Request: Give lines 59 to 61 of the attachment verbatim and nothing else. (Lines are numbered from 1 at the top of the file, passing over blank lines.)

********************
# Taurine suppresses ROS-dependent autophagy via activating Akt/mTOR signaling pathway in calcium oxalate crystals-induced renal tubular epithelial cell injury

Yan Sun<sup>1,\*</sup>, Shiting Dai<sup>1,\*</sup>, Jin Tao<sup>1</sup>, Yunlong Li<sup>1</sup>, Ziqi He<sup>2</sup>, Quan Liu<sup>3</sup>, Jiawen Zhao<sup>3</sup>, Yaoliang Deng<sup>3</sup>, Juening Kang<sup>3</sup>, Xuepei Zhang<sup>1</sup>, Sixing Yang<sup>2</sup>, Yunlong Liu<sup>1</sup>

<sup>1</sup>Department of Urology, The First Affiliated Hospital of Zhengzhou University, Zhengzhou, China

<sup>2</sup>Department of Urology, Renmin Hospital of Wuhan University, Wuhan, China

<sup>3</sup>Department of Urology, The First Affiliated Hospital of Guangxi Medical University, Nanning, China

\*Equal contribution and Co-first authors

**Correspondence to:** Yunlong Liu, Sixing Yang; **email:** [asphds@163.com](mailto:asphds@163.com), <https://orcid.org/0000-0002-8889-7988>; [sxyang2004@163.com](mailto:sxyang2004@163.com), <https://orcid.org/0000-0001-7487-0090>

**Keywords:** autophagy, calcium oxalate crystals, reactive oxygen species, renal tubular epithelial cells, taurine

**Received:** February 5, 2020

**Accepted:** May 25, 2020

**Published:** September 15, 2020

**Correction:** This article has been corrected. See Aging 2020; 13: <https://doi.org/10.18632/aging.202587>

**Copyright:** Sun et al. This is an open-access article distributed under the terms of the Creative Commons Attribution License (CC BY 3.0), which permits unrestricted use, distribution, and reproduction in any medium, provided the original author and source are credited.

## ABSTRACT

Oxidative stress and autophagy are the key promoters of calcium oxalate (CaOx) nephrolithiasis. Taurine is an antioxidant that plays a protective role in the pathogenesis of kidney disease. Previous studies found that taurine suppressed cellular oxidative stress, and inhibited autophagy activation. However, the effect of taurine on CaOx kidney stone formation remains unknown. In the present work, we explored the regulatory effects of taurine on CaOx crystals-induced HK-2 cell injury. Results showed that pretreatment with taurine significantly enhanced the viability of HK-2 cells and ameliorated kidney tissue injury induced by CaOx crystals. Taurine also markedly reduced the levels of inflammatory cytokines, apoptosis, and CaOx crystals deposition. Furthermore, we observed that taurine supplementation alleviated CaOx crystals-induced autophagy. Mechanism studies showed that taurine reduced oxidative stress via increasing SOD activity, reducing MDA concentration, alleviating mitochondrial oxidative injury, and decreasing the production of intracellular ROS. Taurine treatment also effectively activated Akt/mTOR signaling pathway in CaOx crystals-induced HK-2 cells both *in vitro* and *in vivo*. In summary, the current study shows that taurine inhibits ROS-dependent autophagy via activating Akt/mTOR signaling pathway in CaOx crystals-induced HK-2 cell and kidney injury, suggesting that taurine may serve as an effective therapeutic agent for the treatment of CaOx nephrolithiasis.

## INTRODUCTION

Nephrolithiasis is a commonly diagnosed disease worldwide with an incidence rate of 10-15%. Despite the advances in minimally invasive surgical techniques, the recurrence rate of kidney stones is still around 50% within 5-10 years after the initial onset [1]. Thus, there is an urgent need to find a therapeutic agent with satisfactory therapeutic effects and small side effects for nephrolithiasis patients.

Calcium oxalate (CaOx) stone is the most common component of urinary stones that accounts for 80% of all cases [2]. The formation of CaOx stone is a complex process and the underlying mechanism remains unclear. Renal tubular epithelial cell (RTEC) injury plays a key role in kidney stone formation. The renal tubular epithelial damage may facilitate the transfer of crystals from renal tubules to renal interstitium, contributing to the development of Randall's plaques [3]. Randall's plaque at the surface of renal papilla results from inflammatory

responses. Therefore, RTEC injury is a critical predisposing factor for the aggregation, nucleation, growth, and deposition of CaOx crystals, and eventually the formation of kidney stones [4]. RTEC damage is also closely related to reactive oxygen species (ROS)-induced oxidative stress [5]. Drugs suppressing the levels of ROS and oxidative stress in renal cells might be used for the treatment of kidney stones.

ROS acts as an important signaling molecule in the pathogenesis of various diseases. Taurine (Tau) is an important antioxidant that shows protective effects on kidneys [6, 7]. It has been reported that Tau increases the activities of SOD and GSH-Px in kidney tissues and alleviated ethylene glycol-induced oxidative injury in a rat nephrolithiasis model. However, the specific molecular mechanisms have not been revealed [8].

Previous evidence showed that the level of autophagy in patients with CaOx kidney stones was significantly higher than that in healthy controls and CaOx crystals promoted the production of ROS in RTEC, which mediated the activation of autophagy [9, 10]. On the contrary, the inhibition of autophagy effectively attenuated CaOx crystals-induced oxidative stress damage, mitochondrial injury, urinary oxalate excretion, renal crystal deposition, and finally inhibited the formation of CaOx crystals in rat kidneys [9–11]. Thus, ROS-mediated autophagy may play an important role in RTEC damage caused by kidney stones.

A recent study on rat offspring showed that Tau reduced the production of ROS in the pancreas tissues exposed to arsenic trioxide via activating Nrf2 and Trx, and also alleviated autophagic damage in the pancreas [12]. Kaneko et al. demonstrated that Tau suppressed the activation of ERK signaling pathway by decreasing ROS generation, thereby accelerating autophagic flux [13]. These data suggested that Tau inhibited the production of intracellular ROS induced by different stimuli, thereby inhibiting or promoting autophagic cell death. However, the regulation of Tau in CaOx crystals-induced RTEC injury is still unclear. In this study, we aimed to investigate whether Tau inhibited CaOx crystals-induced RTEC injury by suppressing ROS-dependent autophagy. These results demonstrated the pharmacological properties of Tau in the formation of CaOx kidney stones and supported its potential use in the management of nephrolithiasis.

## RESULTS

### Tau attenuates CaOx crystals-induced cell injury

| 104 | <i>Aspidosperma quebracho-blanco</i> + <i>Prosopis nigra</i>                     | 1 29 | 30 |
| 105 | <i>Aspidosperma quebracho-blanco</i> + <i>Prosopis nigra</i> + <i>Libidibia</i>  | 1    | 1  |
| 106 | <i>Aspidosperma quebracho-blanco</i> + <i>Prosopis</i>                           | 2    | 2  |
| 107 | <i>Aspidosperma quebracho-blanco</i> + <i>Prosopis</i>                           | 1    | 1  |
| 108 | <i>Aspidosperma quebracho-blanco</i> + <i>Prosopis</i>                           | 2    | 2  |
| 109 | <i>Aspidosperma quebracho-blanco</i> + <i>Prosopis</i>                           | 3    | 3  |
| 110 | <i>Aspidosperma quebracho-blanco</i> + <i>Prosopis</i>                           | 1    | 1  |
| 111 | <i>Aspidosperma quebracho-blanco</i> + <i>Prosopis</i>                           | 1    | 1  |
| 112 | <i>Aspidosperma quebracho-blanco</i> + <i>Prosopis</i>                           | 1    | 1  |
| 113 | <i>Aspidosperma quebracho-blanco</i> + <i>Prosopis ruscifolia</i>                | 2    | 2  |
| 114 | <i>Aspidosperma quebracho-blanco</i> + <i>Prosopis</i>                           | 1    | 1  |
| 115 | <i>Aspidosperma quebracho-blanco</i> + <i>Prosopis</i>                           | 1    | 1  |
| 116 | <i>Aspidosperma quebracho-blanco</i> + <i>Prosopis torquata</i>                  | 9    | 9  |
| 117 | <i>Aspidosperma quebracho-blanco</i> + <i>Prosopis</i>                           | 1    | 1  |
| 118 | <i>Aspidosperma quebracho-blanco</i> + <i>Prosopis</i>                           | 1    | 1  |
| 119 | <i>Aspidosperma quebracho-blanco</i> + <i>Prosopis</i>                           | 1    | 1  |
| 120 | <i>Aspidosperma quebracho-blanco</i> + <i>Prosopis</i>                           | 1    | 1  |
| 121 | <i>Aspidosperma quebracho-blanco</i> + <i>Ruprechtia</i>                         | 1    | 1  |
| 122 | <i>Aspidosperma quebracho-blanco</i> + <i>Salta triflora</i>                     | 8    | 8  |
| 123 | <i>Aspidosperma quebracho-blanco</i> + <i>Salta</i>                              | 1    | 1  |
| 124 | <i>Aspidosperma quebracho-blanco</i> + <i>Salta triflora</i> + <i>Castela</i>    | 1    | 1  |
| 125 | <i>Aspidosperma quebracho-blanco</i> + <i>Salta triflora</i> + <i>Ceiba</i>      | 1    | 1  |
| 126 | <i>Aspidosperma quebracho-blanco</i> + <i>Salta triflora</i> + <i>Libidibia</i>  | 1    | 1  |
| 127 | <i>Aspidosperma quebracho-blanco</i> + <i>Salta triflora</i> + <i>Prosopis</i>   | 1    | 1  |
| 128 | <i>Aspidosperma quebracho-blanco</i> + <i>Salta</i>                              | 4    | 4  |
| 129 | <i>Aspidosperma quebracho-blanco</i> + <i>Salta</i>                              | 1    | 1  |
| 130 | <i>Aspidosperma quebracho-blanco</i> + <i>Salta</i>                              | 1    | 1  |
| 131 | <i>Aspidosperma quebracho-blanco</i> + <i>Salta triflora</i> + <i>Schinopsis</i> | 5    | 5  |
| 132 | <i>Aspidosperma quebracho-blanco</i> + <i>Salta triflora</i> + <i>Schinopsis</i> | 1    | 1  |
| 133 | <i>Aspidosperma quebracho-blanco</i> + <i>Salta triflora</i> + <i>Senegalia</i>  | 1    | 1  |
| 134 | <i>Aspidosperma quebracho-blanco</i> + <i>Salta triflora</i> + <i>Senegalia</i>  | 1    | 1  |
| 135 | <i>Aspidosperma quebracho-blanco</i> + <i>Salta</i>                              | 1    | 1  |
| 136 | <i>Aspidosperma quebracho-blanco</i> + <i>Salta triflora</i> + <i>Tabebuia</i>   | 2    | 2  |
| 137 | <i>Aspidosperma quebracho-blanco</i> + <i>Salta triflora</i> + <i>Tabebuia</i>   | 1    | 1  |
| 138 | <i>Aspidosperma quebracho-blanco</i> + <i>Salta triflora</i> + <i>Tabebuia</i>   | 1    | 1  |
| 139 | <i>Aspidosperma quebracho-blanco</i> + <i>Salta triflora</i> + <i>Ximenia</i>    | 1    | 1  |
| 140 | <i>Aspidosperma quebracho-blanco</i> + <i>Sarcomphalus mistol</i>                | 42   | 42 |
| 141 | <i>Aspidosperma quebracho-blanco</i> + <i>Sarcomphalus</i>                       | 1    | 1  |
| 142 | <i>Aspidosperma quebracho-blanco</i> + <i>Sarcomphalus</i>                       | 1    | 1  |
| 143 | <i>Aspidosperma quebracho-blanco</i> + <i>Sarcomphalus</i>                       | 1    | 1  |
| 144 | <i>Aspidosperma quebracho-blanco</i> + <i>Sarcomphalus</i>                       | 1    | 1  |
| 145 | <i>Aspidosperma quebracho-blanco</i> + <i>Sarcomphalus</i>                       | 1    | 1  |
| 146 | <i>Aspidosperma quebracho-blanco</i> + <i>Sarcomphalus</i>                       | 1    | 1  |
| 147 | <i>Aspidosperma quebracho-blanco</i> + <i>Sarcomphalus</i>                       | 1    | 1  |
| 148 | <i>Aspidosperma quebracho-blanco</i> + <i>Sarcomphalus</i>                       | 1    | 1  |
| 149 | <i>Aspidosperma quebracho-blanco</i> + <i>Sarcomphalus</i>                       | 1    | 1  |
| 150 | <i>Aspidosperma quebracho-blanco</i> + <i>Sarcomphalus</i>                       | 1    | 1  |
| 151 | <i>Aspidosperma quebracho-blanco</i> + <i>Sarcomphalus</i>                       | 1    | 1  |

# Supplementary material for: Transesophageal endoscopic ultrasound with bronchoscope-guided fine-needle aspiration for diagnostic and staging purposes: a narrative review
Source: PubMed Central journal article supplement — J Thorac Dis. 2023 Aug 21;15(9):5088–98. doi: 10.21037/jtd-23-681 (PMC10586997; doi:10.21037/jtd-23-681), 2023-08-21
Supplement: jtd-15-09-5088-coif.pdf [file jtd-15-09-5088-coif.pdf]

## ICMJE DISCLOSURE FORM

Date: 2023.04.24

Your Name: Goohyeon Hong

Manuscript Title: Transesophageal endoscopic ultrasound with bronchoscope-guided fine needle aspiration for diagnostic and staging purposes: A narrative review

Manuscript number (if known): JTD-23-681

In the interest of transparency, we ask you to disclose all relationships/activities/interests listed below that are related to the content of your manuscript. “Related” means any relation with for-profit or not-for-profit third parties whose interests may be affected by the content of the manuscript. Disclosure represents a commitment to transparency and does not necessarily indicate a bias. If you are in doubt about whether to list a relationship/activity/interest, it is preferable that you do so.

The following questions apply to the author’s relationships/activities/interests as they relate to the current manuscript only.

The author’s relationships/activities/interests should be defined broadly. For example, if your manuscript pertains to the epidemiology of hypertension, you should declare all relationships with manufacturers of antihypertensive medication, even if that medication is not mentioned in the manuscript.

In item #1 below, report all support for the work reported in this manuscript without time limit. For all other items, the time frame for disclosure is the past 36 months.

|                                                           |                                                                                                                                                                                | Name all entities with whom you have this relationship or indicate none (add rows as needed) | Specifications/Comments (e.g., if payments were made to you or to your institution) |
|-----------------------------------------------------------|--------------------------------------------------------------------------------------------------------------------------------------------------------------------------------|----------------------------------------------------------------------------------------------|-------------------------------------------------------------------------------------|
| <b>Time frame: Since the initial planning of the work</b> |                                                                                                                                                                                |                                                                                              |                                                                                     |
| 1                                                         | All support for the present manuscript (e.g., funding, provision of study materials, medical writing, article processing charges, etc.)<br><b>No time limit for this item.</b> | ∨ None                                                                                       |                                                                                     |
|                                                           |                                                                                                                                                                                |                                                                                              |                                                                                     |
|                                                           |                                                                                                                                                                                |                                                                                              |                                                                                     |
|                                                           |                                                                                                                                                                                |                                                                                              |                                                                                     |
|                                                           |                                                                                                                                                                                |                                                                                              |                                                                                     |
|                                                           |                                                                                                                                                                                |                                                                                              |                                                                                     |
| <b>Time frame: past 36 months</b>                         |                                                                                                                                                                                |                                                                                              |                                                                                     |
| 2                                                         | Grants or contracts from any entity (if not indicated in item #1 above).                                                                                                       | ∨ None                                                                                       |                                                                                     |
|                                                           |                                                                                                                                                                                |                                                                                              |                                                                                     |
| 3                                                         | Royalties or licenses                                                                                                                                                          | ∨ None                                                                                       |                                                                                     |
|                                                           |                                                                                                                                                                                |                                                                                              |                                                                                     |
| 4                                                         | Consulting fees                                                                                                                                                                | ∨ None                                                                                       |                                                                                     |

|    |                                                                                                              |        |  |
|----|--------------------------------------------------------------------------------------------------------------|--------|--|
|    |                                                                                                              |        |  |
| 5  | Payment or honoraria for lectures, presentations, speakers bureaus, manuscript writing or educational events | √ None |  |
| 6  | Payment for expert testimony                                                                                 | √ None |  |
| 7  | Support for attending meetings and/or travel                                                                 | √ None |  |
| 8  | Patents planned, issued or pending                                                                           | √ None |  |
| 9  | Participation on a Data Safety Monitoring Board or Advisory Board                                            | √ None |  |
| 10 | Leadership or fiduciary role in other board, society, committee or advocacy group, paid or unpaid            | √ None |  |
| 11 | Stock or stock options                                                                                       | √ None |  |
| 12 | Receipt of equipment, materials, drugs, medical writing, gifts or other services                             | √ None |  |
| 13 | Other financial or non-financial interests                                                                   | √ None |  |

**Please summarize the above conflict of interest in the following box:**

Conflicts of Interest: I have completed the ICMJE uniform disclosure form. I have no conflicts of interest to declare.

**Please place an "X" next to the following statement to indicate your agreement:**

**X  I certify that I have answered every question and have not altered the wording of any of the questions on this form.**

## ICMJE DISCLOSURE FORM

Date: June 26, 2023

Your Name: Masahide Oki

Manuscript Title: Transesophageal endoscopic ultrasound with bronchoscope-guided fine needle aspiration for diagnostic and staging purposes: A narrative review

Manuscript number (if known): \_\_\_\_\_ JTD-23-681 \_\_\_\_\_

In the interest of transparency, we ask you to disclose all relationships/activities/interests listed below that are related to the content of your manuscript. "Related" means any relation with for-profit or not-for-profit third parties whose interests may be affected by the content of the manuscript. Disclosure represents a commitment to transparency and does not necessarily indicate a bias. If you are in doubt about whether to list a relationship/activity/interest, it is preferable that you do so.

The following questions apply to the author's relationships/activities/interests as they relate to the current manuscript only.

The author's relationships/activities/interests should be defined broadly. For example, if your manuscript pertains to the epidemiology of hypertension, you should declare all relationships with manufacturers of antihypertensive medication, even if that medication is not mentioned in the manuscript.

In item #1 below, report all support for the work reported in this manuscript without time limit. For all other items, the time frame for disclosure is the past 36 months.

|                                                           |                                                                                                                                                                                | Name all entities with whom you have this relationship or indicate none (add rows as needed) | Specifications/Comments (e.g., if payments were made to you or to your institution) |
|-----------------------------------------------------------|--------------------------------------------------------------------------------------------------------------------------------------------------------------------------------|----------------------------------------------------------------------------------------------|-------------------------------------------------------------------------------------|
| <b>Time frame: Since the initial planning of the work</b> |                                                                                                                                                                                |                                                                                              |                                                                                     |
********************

| 138 | <i>Aspidosperma quebracho-blanco</i> + <i>Salta triflora</i> + <i>Tabebuia</i>   | 1    | 1  |
| 139 | <i>Aspidosperma quebracho-blanco</i> + <i>Salta triflora</i> + <i>Ximenia</i>    | 1    | 1  |
| 140 | <i>Aspidosperma quebracho-blanco</i> + <i>Sarcomphalus mistol</i>                | 42   | 42 |